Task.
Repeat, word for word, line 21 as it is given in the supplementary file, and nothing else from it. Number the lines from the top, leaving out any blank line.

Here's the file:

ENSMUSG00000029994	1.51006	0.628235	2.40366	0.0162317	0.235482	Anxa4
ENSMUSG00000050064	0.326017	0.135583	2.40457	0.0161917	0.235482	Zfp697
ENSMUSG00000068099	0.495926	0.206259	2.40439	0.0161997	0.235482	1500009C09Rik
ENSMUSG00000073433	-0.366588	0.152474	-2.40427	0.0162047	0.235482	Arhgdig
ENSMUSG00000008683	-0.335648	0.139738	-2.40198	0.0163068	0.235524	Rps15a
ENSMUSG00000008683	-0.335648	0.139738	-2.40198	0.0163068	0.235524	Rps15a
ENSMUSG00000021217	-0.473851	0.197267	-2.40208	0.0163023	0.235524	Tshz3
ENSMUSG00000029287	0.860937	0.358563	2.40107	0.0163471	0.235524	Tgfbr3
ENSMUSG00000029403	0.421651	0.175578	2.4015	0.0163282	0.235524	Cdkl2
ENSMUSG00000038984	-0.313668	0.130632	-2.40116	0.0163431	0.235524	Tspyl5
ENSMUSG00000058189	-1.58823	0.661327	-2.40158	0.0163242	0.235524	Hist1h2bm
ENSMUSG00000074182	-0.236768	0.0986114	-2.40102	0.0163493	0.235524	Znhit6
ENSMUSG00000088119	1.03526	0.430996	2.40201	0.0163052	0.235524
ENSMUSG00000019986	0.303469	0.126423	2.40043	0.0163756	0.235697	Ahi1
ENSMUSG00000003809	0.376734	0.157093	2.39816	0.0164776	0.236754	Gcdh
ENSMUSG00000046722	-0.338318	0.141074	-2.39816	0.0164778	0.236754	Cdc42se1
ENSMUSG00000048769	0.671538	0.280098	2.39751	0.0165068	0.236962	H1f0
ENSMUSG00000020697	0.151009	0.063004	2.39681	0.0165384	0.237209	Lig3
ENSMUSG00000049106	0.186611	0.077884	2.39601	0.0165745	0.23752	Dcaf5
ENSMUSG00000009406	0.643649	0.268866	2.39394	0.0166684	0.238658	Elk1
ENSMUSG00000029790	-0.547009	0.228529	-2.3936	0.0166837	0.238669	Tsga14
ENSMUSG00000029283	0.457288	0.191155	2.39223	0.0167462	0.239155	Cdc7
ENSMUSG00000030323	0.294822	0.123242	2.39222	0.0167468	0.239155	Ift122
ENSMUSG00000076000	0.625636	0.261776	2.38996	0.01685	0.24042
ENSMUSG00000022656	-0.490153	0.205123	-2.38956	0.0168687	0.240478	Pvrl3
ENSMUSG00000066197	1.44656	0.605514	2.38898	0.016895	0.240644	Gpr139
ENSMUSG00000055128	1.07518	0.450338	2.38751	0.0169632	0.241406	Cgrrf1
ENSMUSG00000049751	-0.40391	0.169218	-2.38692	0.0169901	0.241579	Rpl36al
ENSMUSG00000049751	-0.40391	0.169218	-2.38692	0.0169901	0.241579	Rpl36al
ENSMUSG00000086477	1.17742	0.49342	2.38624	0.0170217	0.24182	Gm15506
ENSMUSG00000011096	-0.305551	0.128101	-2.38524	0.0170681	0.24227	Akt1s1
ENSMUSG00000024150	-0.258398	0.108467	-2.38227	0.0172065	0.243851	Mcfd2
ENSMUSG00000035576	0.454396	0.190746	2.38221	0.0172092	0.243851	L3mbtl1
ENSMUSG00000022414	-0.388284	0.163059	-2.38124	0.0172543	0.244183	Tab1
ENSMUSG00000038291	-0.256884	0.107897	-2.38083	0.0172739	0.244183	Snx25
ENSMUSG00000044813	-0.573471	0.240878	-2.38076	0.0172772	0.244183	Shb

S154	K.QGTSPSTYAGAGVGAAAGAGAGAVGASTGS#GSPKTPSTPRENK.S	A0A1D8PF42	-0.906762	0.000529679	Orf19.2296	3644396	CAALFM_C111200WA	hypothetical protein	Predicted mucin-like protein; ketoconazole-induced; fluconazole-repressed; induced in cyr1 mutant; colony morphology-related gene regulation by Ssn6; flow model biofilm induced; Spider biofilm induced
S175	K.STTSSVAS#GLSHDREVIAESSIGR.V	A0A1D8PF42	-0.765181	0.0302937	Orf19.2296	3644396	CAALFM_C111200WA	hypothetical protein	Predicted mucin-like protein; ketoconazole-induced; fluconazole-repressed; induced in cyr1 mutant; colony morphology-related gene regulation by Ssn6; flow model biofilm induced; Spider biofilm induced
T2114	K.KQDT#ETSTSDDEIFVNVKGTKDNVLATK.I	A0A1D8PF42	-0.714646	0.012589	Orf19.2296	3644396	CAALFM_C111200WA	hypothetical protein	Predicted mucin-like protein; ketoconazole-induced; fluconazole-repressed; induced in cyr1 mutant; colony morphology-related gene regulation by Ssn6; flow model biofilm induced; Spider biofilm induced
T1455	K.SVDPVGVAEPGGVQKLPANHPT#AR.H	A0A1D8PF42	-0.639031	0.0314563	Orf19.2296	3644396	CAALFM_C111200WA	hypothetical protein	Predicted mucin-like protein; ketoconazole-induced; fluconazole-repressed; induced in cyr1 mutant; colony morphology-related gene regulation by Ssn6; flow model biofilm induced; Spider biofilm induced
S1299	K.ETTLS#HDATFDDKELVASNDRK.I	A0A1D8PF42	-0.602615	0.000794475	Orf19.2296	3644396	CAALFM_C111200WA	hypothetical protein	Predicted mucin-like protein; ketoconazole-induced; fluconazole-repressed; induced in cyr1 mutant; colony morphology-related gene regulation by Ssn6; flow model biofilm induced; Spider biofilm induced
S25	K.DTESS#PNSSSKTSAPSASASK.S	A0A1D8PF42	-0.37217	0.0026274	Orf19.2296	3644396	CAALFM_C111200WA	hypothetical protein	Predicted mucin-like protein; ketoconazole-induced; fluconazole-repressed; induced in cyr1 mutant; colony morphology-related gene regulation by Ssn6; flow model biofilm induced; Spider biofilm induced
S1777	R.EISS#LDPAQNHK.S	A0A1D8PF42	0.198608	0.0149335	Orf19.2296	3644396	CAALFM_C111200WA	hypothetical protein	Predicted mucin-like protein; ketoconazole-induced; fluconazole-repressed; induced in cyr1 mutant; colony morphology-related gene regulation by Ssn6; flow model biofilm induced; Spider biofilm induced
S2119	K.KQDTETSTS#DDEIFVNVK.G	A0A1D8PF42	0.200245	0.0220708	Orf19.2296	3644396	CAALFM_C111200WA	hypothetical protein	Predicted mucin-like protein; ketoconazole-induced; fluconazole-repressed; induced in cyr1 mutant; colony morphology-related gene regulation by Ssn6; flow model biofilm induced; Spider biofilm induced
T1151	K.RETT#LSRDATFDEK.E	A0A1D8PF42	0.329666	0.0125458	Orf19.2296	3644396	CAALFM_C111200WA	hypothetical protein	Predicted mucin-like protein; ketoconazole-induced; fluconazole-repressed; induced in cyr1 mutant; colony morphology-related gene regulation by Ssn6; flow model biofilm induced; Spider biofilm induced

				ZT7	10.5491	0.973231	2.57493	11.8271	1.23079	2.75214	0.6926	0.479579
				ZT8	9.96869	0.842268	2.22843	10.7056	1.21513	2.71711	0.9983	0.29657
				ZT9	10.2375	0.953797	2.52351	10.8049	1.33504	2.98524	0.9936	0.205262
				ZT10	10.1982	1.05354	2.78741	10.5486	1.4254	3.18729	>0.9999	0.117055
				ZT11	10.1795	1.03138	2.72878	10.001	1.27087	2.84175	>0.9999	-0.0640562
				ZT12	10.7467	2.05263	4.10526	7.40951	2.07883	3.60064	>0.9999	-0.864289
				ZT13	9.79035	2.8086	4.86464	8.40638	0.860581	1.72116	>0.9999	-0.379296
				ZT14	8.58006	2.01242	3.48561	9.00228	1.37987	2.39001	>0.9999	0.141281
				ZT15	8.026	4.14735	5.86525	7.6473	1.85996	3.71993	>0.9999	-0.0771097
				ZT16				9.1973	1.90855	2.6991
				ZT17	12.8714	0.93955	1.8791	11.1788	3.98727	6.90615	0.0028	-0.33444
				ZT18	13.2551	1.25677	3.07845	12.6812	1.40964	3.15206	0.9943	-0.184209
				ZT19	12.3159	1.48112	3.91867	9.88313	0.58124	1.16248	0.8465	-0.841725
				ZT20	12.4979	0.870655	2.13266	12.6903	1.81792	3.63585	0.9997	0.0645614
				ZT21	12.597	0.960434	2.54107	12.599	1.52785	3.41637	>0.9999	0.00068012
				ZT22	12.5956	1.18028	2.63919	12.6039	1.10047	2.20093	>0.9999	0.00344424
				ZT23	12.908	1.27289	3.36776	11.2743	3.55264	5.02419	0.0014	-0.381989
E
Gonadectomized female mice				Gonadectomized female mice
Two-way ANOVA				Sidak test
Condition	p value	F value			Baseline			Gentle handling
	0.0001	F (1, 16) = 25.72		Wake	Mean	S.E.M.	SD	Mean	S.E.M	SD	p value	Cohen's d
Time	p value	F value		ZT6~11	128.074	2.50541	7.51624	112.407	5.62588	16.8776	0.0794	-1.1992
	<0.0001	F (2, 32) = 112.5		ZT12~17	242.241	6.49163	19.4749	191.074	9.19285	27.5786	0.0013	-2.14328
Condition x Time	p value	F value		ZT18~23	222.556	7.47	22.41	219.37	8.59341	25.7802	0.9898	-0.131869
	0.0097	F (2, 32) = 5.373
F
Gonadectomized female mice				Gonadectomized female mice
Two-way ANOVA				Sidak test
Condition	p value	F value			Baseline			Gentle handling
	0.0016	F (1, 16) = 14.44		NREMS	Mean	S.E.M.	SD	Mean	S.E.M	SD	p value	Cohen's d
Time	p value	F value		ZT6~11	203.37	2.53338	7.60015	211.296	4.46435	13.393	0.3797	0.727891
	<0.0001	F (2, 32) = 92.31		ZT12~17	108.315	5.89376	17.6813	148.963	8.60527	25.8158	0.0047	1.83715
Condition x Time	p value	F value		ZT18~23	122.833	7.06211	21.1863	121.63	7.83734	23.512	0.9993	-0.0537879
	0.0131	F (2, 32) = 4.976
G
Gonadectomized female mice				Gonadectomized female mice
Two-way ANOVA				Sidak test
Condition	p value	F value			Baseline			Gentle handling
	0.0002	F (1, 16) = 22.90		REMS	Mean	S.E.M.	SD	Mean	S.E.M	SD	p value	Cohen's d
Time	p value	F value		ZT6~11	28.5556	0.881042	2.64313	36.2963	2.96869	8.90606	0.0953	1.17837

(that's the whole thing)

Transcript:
ENSMUSG00000029790	-0.547009	0.228529	-2.3936	0.0166837	0.238669	Tsga14